A new book, “The Obamas,” by New York Times reporter Jodi Kantor, reportedly sheds light on the first lady's tense relationships with several White House aides and her difficulties in defining her role in the early days of her husband’s administration.
But here is what I think will stick:
It was the tea party the Obamas just couldn’t resist.
A White House “Alice in Wonderland” costume ball — put on by Johnny Depp and Hollywood director Tim Burton — proved to be a Mad-as-a-Hatter idea that was never made public for fear of a political backlash during hard economic times, according to a new tell-all….
The book reveals how any official announcement of the glittering affair — coming at a time when Tea Party activists and voters furious over the lagging economy, 10-percent unemployment rate, bank bailouts and Obama’s health-care plan were staging protests — quickly vanished down the rabbit hole.
“White House officials were so nervous about how a splashy, Hollywood-esque party would look to jobless Americans — or their representatives in Congress, who would soon vote on health care — that the event was not discussed publicly and Burton’s and Depp’s contributions went unacknowledged,” the book says.
However, the White House made certain that more humble Halloween festivities earlier that day — for thousands of Washington-area schoolkids — were well reported by the press corps….
The State Dining Room had also been transformed into a secretive White House Wonderland.
Tim Burton decorated it “in his signature creepy-comic style. His film version was about to be released, and he had turned the room into the Mad Hatter’s tea party, with a long table set with antique-looking linens, enormous stuffed animals in chairs, and tiered serving plates with treats like bone-shaped meringue cookies,” reports the book, which The Post purchased at a Manhattan bookstore.
“Fruit punch was served in blood vials at the bar. Burton’s own Mad Hatter, the actor Johnny Depp, presided over the scene in full costume, standing up on a table to welcome everyone in character.”
First off, I am wondering how on earth the eagle-eyed White House press corps missed this. The White House is supposed to be a fishbowl, right! Some fishbowl!
What is also hard to understand is how anyone could want to indulge in this kind of slightly decadent party badly enough to throw caution to the winds: It does look bad.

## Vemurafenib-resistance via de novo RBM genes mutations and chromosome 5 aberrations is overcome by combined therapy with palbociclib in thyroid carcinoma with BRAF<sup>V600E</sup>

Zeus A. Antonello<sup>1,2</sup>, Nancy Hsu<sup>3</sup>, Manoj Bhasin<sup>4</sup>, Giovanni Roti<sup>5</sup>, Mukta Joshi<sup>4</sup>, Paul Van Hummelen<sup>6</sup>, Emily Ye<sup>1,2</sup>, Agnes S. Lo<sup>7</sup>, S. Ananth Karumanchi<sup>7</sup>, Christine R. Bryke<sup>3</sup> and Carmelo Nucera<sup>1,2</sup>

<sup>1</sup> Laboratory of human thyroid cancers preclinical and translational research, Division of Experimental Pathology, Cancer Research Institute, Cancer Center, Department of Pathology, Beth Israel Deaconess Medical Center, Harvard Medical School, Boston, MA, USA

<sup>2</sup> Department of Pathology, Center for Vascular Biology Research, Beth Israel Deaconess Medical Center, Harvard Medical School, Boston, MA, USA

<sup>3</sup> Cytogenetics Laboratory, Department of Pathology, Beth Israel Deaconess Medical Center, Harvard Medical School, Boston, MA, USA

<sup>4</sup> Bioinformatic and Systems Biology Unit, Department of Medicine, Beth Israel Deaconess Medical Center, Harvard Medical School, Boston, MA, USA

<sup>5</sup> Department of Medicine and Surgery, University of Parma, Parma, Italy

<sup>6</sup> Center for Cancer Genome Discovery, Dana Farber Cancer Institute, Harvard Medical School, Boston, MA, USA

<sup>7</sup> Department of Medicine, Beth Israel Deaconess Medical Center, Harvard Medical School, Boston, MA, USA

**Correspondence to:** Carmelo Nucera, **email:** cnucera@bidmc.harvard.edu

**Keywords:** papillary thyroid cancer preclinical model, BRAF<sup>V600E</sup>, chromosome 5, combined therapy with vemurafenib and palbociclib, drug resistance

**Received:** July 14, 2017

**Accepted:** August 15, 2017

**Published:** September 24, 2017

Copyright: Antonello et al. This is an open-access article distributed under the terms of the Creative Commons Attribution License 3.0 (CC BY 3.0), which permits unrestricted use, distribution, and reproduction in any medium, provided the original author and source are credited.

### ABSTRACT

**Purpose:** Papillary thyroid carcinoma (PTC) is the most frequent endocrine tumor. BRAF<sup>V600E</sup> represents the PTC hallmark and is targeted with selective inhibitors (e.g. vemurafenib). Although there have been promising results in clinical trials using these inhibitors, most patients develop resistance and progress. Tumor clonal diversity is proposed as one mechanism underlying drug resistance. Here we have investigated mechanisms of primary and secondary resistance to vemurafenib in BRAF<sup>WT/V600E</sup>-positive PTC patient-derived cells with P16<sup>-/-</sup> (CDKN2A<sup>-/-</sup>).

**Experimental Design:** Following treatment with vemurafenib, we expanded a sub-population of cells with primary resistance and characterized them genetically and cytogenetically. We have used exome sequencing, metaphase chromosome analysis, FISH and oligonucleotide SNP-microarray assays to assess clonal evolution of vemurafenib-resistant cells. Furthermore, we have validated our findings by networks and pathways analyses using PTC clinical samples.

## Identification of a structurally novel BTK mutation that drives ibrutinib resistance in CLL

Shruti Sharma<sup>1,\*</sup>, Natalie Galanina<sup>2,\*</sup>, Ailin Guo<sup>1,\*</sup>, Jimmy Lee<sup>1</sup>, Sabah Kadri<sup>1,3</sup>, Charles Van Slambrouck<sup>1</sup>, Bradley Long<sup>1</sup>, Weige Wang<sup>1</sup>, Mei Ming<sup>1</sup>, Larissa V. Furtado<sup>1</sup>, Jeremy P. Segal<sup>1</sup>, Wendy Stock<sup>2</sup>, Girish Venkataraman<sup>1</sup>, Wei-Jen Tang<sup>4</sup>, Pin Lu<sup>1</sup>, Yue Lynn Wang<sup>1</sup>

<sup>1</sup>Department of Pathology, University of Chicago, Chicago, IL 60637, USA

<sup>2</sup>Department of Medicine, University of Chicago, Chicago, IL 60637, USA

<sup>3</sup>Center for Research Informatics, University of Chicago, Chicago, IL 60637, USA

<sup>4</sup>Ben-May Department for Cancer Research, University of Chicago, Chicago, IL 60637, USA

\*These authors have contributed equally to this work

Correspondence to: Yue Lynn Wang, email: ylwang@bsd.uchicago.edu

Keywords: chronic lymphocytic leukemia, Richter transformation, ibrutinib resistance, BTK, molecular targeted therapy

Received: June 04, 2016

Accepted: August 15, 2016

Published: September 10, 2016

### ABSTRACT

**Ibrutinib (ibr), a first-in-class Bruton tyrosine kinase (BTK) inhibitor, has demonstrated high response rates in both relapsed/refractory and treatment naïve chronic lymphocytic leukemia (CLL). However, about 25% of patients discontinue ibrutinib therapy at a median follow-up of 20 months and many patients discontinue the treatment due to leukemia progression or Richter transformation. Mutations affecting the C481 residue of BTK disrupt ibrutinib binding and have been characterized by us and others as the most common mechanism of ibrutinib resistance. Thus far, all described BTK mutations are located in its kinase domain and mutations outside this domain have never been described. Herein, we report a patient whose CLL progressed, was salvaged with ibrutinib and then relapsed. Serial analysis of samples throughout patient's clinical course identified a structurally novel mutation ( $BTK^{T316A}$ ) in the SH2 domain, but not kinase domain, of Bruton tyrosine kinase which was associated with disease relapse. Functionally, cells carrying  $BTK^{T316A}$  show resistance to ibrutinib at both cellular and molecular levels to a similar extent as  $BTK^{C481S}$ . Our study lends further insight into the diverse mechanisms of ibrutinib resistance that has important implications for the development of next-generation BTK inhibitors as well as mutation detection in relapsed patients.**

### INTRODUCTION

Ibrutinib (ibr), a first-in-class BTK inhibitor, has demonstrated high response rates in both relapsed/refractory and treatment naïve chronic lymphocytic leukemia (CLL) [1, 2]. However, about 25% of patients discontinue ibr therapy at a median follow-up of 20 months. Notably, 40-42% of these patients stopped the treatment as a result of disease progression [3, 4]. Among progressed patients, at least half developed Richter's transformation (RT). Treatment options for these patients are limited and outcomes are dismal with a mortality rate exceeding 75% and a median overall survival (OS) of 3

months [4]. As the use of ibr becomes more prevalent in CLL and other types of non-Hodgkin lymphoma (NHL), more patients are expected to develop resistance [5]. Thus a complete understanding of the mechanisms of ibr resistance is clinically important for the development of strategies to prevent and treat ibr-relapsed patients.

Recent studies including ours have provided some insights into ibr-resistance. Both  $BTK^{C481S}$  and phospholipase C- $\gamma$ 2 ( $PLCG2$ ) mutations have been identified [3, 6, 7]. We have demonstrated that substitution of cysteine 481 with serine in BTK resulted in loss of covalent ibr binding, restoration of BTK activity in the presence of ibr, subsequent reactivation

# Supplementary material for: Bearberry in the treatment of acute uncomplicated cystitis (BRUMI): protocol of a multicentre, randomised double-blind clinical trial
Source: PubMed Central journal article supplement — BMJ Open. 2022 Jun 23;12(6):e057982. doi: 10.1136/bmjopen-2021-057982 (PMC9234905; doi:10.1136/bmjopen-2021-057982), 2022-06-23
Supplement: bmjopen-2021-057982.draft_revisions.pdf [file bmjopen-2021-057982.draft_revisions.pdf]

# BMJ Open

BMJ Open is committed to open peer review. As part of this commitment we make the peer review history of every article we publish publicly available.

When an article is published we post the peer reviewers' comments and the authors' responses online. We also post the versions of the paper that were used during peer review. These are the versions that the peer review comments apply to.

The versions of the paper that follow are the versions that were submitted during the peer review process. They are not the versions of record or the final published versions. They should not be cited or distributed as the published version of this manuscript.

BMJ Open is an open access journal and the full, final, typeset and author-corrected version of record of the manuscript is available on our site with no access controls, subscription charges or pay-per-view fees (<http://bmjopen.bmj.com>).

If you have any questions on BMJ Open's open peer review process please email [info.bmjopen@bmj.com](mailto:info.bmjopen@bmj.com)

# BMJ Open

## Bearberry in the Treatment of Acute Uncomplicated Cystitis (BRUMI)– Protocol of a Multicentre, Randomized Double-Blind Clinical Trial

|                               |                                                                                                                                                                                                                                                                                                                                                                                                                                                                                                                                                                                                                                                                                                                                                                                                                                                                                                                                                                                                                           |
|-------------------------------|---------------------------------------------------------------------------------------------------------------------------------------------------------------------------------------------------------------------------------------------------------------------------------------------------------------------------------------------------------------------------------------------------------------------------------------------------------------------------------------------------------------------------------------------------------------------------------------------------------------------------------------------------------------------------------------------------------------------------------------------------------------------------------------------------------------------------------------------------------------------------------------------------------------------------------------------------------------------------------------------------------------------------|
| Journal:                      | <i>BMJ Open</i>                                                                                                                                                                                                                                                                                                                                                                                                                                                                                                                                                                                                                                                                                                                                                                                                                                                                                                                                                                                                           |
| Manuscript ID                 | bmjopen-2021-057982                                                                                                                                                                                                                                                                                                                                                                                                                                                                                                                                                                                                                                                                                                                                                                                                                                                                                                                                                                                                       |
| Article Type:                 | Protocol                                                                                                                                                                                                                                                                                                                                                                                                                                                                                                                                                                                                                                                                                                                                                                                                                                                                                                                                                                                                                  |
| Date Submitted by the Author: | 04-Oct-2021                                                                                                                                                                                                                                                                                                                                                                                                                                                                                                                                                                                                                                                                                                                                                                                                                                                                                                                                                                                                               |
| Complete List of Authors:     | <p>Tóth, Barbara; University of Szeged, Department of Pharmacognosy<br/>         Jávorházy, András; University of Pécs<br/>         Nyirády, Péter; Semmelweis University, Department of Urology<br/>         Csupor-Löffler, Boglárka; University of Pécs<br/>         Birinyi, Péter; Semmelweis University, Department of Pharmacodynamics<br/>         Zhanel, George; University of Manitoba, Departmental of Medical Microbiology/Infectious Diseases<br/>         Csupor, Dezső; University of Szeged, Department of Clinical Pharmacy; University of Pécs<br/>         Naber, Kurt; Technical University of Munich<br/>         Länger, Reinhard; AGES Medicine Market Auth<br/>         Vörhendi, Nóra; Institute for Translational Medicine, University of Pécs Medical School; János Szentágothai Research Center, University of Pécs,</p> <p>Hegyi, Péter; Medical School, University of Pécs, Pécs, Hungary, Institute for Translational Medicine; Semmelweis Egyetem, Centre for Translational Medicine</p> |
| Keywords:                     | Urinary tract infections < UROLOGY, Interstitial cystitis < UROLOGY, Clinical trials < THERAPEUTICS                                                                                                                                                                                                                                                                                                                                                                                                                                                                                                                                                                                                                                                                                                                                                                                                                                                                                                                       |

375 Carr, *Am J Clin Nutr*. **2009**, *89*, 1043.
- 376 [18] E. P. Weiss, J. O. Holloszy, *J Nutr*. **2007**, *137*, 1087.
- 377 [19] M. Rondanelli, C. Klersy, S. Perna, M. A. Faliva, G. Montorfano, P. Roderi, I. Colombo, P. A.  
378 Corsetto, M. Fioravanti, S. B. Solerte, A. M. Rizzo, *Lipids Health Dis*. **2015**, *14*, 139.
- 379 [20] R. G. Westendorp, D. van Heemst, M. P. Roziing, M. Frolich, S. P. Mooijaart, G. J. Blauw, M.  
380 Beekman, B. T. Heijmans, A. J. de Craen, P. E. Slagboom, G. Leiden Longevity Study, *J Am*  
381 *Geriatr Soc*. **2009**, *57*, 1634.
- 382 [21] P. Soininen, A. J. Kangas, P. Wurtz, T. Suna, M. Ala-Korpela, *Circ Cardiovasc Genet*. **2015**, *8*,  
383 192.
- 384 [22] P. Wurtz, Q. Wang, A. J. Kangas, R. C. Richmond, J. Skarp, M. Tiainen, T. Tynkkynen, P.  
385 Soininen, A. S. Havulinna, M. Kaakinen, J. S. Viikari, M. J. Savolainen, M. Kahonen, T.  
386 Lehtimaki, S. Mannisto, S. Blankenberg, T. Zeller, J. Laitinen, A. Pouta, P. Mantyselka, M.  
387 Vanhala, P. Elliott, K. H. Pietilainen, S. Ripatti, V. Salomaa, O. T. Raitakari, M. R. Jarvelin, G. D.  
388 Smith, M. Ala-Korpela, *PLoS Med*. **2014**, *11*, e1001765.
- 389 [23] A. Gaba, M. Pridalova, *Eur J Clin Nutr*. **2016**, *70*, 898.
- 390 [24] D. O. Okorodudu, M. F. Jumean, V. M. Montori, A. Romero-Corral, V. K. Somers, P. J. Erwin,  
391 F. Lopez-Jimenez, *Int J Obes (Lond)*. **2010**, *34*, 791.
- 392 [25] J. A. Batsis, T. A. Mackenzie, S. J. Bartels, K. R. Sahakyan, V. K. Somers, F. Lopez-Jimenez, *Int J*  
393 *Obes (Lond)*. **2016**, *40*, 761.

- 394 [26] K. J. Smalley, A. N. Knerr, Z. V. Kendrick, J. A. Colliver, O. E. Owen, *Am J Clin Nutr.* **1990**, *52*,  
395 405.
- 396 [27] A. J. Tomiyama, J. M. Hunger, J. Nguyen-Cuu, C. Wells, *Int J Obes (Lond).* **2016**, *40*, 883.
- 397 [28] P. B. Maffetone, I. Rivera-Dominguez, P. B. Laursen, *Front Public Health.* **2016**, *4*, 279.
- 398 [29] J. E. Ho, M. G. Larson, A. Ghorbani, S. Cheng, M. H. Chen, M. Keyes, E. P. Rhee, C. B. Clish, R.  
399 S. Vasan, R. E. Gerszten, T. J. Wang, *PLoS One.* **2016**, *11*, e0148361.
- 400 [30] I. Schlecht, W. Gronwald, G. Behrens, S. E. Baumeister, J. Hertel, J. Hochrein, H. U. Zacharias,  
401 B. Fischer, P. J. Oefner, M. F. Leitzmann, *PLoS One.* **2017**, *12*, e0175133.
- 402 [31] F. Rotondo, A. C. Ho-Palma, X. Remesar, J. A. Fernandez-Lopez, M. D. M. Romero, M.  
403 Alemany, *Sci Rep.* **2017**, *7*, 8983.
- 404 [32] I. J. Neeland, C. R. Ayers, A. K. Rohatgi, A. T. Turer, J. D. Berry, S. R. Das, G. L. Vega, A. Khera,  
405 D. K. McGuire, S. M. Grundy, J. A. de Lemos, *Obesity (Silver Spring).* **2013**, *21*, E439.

White Houses have had to worry about image before, but this party really does seem to portray a first couple who don’t care to share any part of the vicissitudes faced by normal Americans in these trying times.
The other really shocking incident features former press secretary Robert Gibbs becoming so “enraged” with Mrs. Obama that he “cursed her out in a staff meeting.” No excuse for this, Mr. Gibbs. (White House Dossier pursues another angle on this story.)
It must be hard at times to live in the White House, but this book apparently shows a first lady who “bristled” at having too many engagements, is reluctant to do regular duties associated with the role of first lady (such as hosting the annual luncheon for Congressional spouses), and tries to “wriggle” out of ceremonial events.
The stories on the new Kantor book remind me that I’ve long wanted to do a piece with a working title something like this: “First Lady: Get Real—It’s a Great Gig.” It would refute the feminist notion that this is an awful job because it requires the first lady to hide her personality and play a secondary role. Americans love strong women–just ask Eleanor Roosevelt and many others who did the job with grace, gusto, and good will before the feminist press convinced us it is such living hell!
Just once, I’d love to hear more about what a great privilege and honor, not a burden, it is to serve the country in this capacity. Gladly serving is the flip side of having parties with fruit drinks in blood vials and Hollywood stars in the State Dining Room during a recession.